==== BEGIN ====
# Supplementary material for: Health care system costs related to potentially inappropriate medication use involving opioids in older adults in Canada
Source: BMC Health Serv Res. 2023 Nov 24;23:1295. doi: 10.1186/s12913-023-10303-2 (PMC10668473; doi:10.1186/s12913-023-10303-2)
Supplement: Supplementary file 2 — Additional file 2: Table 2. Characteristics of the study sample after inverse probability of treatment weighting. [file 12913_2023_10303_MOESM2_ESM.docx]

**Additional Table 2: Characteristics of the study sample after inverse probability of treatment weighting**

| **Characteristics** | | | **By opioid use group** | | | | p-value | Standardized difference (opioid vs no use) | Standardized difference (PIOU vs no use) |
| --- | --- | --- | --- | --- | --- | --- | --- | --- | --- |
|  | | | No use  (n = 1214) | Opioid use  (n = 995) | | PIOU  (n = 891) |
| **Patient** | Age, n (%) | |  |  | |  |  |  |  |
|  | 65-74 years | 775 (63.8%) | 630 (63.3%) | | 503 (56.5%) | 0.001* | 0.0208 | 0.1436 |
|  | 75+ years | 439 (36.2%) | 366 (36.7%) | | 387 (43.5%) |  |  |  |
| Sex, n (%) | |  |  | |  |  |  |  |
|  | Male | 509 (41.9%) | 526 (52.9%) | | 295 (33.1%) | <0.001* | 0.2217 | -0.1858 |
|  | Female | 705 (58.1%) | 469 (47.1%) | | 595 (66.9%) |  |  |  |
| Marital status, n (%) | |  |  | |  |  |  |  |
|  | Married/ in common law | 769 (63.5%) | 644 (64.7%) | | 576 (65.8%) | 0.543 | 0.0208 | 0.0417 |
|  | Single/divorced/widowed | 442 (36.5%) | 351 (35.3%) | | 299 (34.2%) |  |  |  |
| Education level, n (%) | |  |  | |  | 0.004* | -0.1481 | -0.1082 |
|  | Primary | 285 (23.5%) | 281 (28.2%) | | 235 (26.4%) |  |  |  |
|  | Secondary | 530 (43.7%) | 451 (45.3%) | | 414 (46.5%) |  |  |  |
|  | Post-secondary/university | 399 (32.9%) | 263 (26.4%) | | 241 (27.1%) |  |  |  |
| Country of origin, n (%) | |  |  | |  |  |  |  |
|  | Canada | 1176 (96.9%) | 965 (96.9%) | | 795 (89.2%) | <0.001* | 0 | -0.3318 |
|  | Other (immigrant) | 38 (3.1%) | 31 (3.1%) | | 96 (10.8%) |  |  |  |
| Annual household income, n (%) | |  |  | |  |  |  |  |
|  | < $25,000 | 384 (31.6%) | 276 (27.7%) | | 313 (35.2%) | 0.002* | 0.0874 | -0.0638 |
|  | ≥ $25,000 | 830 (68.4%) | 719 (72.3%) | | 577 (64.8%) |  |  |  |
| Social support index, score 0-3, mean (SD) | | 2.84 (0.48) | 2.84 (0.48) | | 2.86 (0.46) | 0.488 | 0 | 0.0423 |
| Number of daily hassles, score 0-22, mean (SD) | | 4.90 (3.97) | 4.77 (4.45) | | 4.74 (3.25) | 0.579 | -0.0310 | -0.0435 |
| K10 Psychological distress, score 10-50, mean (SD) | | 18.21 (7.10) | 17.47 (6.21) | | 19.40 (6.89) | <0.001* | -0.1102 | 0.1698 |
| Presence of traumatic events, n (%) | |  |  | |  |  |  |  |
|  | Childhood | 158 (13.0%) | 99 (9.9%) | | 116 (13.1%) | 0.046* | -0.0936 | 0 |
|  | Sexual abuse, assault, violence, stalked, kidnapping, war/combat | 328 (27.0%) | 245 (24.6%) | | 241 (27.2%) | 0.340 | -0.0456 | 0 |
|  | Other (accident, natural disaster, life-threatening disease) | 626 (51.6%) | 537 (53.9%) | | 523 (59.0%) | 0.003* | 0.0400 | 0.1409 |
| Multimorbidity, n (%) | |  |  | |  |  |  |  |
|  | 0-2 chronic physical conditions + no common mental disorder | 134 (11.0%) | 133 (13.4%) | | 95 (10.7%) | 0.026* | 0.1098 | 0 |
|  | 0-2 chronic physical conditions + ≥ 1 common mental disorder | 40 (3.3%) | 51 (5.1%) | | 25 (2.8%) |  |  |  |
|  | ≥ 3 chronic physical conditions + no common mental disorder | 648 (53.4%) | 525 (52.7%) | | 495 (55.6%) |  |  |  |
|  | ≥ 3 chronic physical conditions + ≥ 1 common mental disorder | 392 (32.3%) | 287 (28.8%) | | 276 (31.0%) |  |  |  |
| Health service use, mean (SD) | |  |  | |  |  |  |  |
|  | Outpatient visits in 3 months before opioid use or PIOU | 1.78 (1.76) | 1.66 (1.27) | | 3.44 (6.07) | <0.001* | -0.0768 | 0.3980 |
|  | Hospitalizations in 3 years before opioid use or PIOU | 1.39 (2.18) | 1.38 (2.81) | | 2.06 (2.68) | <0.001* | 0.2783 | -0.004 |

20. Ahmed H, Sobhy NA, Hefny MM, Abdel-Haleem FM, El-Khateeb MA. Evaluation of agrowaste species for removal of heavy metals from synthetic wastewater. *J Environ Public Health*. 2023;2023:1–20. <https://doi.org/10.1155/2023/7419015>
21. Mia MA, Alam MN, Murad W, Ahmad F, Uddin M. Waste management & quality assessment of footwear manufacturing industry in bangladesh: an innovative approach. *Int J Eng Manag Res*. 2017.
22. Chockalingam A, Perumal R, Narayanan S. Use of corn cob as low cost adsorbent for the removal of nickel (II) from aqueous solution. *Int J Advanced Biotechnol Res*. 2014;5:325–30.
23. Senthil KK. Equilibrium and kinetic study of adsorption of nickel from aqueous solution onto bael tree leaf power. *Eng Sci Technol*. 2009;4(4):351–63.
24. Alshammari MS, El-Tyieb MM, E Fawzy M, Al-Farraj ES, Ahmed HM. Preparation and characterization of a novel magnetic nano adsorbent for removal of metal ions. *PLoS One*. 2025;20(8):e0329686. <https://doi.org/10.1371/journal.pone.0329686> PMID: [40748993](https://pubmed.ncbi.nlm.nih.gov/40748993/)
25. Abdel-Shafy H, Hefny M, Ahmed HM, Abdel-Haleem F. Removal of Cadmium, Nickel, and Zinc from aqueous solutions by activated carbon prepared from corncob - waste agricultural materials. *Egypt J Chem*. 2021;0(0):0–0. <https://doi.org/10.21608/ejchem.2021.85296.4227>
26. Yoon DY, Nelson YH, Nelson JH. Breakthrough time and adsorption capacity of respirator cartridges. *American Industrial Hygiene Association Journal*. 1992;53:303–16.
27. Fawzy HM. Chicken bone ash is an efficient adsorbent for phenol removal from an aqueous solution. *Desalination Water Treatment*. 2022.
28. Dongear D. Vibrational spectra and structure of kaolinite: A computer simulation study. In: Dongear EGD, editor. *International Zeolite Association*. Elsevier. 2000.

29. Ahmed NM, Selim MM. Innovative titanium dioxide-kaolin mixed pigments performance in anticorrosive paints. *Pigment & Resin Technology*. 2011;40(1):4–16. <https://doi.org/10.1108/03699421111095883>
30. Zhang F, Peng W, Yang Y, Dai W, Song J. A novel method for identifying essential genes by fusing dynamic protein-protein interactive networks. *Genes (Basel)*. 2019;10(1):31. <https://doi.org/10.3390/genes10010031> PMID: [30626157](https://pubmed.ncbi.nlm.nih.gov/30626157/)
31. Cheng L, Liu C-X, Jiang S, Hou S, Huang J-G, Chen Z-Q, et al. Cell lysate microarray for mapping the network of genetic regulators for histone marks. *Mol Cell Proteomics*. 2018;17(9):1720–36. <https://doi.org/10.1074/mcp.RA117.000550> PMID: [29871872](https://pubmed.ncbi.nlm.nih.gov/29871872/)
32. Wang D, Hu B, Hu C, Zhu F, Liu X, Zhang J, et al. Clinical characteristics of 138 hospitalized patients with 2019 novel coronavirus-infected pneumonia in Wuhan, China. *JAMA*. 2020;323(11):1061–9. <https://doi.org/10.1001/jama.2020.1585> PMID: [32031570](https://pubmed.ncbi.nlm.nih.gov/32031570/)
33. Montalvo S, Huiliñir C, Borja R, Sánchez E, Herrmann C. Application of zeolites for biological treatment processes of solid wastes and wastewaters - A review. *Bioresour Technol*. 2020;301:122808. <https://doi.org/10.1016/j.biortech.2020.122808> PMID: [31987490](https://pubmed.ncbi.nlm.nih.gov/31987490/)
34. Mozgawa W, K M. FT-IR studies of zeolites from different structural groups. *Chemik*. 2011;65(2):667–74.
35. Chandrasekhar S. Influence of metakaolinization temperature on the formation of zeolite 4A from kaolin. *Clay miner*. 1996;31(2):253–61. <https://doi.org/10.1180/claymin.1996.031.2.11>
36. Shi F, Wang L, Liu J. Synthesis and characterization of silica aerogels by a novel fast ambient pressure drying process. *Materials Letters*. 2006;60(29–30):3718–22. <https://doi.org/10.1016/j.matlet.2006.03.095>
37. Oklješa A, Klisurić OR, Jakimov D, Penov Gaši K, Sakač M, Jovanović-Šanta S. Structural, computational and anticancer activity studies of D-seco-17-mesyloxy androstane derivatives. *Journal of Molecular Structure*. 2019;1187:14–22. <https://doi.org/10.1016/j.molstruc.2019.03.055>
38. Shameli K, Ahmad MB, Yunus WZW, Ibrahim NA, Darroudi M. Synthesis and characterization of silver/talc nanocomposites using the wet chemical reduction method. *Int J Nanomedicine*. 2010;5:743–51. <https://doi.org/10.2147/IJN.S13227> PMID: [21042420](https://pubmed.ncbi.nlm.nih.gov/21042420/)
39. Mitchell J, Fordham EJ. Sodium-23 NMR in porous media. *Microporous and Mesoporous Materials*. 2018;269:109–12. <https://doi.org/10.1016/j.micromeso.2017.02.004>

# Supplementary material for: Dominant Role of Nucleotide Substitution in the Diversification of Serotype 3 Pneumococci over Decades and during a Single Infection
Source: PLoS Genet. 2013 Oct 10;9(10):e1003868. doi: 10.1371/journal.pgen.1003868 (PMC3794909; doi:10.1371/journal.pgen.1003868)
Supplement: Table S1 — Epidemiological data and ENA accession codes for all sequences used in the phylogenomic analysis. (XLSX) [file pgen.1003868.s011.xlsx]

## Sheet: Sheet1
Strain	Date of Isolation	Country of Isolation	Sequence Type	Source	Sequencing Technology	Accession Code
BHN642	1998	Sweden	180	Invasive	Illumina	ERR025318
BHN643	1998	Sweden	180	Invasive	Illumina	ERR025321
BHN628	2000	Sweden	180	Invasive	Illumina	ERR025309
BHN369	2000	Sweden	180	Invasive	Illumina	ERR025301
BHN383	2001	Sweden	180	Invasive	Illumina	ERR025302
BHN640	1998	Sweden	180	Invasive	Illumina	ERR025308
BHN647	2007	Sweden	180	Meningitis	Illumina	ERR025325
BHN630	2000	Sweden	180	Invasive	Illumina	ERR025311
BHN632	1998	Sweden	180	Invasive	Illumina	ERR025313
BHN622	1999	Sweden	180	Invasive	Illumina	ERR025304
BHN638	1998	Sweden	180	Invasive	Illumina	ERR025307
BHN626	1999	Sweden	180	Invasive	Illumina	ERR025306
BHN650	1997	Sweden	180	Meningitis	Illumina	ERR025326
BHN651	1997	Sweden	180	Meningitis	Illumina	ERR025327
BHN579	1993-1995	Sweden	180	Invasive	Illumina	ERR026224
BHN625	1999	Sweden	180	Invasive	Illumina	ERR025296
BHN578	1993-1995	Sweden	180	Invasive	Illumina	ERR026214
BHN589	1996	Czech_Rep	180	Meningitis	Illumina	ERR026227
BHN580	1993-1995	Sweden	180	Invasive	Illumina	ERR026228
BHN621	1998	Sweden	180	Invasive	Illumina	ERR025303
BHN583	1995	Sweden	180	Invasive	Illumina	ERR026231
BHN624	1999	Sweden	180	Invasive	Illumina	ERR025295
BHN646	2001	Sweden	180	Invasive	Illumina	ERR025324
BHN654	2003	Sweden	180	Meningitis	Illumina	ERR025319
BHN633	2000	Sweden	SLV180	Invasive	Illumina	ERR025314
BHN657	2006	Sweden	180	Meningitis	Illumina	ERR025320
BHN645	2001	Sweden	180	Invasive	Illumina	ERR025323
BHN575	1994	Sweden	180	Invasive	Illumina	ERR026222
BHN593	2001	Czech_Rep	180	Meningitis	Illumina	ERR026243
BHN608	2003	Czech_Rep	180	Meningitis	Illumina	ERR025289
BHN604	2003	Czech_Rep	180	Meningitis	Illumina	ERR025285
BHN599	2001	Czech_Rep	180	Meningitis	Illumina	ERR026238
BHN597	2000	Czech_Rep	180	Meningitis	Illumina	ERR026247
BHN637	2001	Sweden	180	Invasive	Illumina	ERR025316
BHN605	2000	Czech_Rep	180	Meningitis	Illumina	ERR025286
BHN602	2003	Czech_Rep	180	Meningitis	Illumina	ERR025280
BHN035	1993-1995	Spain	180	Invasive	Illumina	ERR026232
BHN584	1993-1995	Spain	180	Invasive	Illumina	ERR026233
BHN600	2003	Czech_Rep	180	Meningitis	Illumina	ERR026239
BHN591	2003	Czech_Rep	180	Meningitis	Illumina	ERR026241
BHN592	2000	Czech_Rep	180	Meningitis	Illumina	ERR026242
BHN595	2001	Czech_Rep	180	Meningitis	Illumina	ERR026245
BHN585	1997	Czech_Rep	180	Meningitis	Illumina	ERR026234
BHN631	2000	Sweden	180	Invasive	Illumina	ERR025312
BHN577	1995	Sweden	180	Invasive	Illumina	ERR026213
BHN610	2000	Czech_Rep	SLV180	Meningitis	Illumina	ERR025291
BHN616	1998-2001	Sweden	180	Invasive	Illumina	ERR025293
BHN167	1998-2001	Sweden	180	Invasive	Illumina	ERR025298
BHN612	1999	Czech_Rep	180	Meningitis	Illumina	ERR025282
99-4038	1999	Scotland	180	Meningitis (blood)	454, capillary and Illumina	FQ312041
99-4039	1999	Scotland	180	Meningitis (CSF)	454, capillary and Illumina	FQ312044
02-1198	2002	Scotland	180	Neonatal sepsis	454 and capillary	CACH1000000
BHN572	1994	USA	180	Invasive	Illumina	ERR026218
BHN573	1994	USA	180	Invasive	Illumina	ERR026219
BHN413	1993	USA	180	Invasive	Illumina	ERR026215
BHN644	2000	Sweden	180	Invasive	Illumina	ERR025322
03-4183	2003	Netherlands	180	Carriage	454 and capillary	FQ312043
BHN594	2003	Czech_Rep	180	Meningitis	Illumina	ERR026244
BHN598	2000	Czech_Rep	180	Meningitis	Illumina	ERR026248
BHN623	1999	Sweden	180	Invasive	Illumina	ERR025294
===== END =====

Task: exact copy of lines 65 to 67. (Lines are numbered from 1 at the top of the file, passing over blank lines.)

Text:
## Sheet: Sheet1
Strain	Date of Isolation	Country of Isolation	Sequence Type	Source	Sequencing Technology	Accession Code
BHN642	1998	Sweden	180	Invasive	Illumina	ERR025318